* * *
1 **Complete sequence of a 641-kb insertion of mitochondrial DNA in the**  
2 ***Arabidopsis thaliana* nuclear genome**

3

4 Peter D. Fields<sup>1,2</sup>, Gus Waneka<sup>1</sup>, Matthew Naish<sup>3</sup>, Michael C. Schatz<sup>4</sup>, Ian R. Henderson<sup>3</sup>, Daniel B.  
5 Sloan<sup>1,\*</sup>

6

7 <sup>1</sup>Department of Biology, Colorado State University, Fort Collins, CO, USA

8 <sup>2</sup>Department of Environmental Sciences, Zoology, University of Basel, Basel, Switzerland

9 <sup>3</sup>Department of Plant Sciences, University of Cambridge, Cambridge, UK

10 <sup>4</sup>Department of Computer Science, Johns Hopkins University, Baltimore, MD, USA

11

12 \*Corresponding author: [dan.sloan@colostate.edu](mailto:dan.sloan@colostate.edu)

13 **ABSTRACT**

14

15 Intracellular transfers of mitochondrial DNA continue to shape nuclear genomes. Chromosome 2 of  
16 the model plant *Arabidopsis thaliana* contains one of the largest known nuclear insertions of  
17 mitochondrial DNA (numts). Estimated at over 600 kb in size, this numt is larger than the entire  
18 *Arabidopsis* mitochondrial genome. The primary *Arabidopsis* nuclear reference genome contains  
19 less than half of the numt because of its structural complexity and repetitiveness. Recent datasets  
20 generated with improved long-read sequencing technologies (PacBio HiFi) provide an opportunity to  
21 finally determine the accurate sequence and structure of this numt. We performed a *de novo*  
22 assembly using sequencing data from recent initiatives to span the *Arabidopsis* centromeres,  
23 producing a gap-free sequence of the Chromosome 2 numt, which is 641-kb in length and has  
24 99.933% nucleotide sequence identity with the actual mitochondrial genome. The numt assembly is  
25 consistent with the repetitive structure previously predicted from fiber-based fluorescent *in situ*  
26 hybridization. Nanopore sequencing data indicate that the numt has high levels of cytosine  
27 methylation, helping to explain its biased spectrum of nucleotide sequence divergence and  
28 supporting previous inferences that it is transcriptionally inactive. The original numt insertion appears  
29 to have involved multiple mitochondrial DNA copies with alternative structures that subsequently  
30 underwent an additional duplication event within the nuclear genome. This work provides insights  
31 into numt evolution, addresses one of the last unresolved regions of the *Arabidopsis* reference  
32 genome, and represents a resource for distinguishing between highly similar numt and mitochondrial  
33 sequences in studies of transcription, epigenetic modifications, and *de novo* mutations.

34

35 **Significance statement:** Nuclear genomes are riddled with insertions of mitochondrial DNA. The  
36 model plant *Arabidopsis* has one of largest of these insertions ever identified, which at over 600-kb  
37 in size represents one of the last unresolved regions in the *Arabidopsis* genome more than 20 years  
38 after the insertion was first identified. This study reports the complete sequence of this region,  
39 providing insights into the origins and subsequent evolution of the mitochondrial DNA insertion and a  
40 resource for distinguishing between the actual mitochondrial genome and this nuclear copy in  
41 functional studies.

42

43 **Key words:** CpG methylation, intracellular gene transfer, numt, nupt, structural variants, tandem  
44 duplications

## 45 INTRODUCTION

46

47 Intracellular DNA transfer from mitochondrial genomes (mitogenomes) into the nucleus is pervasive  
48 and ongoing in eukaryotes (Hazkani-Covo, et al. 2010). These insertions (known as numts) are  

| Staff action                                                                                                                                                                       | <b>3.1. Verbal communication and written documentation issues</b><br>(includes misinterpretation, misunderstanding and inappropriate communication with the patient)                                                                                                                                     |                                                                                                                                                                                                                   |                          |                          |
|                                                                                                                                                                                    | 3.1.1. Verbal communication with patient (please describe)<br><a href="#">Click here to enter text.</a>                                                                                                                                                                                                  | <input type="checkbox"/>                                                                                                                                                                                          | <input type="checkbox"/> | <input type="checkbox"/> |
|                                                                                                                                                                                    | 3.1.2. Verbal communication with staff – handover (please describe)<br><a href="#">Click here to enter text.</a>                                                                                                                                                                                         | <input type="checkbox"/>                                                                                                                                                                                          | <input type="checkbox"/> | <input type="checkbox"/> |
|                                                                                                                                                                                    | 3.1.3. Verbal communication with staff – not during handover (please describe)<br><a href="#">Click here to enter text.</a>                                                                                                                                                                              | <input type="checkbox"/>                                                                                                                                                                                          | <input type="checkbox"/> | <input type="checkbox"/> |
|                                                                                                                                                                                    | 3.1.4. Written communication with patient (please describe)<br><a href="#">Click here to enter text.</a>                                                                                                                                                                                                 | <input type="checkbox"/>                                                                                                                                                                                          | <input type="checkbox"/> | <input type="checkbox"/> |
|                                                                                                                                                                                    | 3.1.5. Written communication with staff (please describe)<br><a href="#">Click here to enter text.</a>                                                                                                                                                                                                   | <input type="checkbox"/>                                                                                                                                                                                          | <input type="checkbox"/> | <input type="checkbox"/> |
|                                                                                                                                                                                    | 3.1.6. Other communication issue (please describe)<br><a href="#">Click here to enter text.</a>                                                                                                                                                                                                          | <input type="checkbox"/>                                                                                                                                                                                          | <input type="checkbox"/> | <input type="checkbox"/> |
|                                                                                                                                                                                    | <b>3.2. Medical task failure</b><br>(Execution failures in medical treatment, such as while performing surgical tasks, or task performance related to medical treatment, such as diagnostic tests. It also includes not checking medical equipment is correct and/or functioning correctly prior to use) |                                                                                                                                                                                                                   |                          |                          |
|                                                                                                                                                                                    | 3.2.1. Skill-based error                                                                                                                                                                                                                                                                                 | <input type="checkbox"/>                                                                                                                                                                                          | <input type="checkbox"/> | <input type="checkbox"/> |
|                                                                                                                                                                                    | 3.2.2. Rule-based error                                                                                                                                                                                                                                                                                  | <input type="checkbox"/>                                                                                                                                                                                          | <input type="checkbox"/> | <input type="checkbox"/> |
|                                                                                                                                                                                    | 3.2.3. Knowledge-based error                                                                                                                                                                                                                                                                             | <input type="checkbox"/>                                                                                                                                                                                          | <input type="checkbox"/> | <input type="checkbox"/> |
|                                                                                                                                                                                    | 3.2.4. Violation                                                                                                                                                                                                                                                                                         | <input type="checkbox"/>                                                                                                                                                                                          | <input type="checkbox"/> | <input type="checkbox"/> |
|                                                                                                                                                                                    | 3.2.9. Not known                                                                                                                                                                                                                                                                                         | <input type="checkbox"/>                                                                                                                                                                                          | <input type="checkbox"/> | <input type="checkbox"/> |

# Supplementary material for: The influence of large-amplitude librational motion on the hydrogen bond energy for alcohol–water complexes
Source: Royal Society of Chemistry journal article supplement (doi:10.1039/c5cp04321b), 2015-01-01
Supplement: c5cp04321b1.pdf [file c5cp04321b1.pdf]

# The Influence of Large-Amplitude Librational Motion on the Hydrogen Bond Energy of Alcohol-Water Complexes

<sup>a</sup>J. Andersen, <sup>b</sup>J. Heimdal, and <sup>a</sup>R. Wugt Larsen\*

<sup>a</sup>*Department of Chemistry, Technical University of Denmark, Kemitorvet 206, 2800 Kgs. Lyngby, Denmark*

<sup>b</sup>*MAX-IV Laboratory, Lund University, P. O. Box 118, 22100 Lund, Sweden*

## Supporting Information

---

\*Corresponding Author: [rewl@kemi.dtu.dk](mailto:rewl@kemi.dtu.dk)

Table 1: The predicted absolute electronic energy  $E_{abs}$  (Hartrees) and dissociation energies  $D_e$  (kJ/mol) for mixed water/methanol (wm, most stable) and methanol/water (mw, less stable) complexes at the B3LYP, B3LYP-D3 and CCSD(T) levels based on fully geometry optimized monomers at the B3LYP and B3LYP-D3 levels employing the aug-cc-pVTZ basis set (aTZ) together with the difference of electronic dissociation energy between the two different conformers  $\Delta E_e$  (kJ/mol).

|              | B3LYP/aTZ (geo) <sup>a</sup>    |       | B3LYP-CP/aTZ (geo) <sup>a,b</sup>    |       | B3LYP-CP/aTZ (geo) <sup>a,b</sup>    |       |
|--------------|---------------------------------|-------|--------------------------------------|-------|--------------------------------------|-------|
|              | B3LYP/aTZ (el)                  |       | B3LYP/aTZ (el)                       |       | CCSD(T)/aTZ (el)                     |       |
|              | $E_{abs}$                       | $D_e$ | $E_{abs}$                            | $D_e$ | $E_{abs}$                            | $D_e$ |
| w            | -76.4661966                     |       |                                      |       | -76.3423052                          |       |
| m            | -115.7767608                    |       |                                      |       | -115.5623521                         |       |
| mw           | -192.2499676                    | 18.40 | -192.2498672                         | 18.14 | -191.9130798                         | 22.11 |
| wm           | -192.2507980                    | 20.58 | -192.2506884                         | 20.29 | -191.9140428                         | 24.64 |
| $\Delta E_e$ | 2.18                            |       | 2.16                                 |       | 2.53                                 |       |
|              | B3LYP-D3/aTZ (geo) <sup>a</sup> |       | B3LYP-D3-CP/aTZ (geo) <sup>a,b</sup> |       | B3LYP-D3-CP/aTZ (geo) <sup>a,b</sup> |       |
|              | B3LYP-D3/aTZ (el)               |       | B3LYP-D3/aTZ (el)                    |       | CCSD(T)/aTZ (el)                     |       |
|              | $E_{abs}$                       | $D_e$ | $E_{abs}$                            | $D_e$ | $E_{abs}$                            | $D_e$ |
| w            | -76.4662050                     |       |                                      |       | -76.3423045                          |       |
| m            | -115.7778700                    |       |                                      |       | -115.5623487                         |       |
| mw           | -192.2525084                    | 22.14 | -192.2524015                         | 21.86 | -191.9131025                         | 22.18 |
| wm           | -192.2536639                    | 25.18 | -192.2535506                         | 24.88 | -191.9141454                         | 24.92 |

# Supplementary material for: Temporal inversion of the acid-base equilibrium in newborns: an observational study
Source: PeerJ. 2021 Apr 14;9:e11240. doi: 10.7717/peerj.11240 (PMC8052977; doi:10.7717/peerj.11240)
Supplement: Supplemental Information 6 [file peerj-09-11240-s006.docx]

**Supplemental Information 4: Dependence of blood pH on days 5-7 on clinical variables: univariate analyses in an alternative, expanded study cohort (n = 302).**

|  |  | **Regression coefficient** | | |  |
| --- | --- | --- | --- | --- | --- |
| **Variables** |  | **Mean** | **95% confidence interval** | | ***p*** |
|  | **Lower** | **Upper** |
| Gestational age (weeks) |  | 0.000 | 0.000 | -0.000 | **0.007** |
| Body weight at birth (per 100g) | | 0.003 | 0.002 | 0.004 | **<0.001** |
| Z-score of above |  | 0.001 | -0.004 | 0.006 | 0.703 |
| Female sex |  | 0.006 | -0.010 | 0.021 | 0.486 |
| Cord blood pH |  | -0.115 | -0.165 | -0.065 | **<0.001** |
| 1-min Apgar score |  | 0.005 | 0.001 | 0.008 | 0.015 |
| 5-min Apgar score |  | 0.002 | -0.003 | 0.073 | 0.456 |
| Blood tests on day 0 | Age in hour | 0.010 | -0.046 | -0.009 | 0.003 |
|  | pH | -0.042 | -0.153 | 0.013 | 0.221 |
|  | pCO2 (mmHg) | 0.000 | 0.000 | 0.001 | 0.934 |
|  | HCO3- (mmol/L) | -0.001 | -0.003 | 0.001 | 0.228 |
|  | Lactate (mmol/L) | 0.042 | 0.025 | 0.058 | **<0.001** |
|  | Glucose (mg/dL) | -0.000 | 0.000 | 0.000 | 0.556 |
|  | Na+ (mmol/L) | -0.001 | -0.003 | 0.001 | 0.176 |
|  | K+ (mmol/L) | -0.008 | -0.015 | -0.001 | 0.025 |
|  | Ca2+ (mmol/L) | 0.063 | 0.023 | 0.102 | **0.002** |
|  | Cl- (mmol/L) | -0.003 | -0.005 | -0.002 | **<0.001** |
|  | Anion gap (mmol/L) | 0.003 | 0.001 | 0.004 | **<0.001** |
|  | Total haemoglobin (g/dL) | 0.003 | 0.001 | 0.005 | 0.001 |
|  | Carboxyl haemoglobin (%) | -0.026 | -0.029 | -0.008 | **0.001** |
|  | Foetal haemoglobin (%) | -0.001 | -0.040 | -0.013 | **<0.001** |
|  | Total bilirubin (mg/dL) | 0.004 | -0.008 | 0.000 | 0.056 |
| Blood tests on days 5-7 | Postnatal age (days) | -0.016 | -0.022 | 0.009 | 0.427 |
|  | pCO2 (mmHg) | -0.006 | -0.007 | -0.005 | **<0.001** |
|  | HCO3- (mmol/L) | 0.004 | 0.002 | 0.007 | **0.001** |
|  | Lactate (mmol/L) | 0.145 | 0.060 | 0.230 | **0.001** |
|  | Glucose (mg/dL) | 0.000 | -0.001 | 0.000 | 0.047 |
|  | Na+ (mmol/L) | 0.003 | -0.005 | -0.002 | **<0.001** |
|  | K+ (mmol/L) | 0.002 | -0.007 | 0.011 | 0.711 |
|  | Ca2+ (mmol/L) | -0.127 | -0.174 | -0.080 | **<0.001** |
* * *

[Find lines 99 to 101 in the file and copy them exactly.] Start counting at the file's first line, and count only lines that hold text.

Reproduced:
| Z-score of above |  | 0.001 | -0.004 | 0.006 | 0.703 |
| Female sex |  | 0.006 | -0.010 | 0.021 | 0.486 |
| Cord blood pH |  | -0.115 | -0.165 | -0.065 | **<0.001** |